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Sufi Islam practice

Do Sunni and/or Shi'a followers consider Sufi Muslims brothers in Islam?

Sufism is a mystical-ascetic approach to Islam that seeks to find divine love and knowledge through direct personal experience of God. By focusing on the more spiritual aspects of religion, Sufis strive to obtain direct experience of God by making use of "intuitive and emotional faculties" that one must be trained to use. However, Sufism has been criticized by the Salafi sect for what they see as an unjustified religious innovation. Many Sufi orders, or tariqas, can be classified as either Sunni or Shi'a, but others classify themselves simply as 'Sufi'.

  • Sufism is not a sect by itself.. Sufism is more of a way of worshiping and living.. Any way most sufis are considered Sunnah.. correct me if I am wrong please. – user37 Jul 2 '12 at 20:48
  • I added an answer to this question: islam.stackexchange.com/questions/41/sufi-islam-practice – user44 Jul 26 '12 at 6:21
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There are many groups that go under sufism some do not go out side of the Qur'an or Sunnah, but the majority do in one way or another and each of the groups have separate rulings in regards to them, and no one line can speak about all the groups.

  • +1 Thank you for this explanation. I think I'm going to study more on Sufism and write a paper about it to my peers. – user206 Jul 2 '12 at 23:34
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    " Sufism does not go out side of the Qur'an or Sunnah" many examples of sufi sects to disapprove this – user4841 Jun 28 '14 at 18:30
  • @UmarAdeel yes, and I probably should have mentioned that most of what is known as sufism today does lead out of Islam, and there are so many groups under that sects that each one has it's own ruling, and there are those who do follow Islam,. they are the Zuhhad which technically should not be called to Sufi, and that is what I am trying to talk about in my answer. – مجاهد Jun 28 '14 at 18:45
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I previously analyzed Sufi belief here. Quoting it:

Sufis claim that Sufism is a way of purification. This claim of theirs also require existence of another claim in their mind, that is "Islam itself is not enough for purification. So, we are making Islam better by adding it the way of Sufism.".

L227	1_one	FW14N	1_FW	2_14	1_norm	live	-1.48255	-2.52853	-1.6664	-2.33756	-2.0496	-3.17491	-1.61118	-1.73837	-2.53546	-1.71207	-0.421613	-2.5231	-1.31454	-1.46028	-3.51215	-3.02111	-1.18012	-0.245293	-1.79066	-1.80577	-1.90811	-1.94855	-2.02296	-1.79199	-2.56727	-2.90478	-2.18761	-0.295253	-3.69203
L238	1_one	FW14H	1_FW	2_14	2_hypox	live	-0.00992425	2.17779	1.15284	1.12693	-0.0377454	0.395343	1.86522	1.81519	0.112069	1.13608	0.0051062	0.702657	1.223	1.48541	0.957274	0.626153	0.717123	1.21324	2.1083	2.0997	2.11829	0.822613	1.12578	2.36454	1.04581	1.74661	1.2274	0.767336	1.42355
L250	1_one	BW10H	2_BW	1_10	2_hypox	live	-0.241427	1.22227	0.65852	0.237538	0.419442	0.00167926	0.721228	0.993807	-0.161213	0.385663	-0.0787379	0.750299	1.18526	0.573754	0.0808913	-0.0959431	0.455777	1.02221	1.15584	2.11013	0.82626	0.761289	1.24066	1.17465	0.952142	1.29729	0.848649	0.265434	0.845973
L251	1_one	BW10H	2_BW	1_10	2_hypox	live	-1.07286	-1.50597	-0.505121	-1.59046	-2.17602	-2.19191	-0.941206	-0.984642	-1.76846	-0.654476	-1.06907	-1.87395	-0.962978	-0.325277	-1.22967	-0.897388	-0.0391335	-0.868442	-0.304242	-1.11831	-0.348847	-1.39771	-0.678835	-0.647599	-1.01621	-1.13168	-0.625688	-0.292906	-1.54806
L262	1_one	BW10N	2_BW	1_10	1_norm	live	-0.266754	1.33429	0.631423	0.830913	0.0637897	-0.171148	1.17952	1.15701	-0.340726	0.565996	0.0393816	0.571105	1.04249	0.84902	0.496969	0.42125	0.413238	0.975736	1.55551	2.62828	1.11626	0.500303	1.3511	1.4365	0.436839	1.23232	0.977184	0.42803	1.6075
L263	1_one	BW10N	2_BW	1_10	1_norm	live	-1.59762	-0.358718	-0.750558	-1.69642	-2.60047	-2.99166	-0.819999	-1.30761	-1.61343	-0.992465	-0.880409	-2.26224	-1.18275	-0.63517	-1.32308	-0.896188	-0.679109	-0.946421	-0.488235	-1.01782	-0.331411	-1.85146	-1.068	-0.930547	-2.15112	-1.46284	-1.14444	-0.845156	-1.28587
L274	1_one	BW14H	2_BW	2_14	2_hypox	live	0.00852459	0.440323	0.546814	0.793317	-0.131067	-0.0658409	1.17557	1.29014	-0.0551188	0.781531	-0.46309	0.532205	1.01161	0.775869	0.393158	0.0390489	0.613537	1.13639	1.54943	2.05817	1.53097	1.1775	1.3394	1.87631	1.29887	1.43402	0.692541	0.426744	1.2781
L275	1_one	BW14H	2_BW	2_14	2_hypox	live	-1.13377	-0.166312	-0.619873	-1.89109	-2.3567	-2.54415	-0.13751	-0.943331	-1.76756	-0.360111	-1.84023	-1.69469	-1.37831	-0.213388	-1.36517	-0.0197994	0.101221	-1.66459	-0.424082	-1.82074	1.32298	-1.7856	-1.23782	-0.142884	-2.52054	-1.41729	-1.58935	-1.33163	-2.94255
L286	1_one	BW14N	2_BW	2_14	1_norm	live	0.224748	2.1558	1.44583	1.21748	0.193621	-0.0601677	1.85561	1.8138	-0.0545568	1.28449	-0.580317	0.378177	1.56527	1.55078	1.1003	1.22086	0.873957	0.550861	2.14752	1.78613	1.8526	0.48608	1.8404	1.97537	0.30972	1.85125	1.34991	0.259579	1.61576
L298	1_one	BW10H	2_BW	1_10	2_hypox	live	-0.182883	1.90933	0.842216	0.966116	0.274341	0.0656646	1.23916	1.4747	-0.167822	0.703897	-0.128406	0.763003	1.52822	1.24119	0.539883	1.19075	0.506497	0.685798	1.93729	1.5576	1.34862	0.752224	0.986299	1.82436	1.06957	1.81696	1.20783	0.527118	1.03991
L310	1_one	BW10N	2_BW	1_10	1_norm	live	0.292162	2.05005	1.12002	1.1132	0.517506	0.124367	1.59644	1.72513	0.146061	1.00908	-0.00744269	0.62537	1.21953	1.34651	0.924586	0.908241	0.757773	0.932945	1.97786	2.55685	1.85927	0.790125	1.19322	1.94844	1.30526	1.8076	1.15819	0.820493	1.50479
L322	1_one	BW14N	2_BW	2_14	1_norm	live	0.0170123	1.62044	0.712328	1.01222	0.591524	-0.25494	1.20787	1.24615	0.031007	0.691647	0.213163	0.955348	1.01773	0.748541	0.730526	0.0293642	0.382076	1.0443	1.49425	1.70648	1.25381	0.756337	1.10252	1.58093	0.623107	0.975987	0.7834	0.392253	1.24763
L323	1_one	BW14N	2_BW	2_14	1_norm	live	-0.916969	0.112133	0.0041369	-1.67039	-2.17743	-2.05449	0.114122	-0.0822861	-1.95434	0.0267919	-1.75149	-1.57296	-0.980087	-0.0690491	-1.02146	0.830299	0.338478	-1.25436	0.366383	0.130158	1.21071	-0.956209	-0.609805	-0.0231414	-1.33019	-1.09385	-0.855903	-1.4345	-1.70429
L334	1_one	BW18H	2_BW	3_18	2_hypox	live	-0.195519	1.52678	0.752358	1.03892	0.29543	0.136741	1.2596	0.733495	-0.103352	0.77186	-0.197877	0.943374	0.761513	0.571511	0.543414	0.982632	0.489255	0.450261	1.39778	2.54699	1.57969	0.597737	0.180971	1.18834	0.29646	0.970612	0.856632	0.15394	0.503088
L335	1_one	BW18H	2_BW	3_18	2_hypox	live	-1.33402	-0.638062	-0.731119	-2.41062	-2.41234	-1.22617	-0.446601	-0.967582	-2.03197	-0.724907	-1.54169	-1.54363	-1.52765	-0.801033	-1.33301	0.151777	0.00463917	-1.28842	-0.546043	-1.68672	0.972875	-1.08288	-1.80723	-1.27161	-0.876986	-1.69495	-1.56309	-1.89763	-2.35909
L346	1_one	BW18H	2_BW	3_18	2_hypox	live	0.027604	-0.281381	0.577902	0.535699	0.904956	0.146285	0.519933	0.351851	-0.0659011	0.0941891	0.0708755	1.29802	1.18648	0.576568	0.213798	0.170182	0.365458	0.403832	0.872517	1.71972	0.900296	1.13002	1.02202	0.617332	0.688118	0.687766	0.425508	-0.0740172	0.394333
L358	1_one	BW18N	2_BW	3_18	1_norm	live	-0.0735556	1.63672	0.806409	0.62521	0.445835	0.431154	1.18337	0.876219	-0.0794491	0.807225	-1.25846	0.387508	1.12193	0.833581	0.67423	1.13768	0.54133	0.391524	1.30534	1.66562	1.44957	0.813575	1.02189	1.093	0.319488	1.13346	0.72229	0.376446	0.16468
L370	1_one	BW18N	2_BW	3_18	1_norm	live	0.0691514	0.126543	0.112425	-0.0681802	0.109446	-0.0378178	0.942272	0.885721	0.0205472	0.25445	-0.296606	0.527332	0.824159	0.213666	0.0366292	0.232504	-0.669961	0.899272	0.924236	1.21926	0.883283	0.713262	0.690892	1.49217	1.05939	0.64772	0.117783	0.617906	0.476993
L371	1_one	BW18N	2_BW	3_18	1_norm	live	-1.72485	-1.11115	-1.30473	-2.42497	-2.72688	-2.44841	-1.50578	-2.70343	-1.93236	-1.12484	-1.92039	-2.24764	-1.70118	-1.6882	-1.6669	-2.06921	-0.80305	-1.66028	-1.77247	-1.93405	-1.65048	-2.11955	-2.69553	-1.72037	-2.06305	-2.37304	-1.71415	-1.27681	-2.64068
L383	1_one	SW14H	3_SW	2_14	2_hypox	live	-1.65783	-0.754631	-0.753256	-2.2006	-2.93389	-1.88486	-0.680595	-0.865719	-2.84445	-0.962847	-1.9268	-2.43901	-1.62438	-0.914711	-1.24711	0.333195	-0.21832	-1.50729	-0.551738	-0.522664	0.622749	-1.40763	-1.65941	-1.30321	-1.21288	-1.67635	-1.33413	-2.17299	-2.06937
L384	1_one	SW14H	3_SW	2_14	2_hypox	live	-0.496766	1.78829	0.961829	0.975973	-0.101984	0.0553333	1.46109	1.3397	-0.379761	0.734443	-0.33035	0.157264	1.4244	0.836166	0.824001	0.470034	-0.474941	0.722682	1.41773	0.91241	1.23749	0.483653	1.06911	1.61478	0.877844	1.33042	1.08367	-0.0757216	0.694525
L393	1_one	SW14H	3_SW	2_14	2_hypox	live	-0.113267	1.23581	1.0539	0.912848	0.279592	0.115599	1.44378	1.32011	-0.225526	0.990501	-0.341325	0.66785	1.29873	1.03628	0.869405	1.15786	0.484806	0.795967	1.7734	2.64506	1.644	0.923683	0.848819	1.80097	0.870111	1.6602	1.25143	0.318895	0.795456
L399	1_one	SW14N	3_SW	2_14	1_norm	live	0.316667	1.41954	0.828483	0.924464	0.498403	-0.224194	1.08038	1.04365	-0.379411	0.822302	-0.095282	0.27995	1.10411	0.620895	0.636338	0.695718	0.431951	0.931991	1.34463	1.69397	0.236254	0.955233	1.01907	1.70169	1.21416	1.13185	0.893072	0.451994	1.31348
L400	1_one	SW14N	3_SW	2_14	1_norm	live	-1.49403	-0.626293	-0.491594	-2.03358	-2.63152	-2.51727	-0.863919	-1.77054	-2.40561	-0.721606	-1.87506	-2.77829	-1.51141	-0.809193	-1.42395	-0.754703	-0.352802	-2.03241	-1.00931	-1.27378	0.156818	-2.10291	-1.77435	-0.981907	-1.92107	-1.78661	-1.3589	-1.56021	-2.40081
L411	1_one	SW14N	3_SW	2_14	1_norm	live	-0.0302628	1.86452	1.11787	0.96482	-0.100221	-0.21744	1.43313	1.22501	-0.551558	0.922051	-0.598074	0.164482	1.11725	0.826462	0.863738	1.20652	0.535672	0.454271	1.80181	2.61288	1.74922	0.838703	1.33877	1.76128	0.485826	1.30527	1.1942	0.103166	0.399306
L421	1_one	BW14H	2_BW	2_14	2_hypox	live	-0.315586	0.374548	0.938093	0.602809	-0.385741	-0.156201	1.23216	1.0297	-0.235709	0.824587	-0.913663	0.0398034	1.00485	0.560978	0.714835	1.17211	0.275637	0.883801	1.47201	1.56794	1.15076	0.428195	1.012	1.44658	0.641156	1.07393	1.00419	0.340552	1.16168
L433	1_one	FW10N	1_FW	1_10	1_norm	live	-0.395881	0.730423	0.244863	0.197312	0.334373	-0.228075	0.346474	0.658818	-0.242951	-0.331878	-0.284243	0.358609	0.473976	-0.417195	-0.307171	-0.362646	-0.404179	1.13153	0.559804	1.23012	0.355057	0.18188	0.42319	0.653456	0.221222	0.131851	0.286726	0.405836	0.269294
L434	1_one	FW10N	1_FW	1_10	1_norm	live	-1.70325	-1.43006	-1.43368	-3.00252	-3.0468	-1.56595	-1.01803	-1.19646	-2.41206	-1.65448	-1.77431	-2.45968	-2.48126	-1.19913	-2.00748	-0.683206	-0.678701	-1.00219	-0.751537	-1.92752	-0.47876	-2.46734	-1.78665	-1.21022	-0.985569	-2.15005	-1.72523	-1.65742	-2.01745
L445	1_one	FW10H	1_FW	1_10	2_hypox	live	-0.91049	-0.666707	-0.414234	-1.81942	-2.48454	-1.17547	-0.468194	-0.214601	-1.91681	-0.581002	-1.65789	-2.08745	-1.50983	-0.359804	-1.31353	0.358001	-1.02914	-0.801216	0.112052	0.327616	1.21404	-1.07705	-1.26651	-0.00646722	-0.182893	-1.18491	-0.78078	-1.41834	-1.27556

Yes, Sufis don't find Islam able to clean enough, they develop new emotional methods that cleans better. The biggest mistake of a Sufi is that, when he cries out of emotion, he thinks that he became a good mumin. They consider the warm feelings inside them as iman (faith), but that's nothing but a normal hormonal phenomena which is similar to the feeling between a man and woman (not same of course).

Sufists live in tariqa community. The leader of a tariqa is called shaykh. People controlled by the shaykh are called darwish.

According to the rules of Sufism, a darwish in the hand of his shaykh must be like a dead corpse in the hands of corpse-cleaner. Some Sufists even say that, if shaykh orders his darwish to do something haram, he has to do it. According to the laws of Sufism, a darwish must obey to his shaykh under all conditions. This kind of shaykh-darwish relationship is nothing but shirk. A muslim cannot be this much of obedient to any person even if it is the rasulullah Muhammad (pbuh).

  • I object to this line "even if it is the rasulullah Muhammad (pbuh)." ,by the way good answer , +1 for that – Owais Qureshi Jan 23 '13 at 19:29
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    This is an old post, but recently brought up, and I downvoted it. Because rejecting Sufi's emotions by reducing them to hormonal/chemical activities is not a valid argument. Because nearly all spiritual phenomena (faith, worship, prayer, Divine love, etc) impact our internal biological functioning. So this can not be an argument for and against any particular religious emotion. – infatuated Jun 29 '14 at 4:47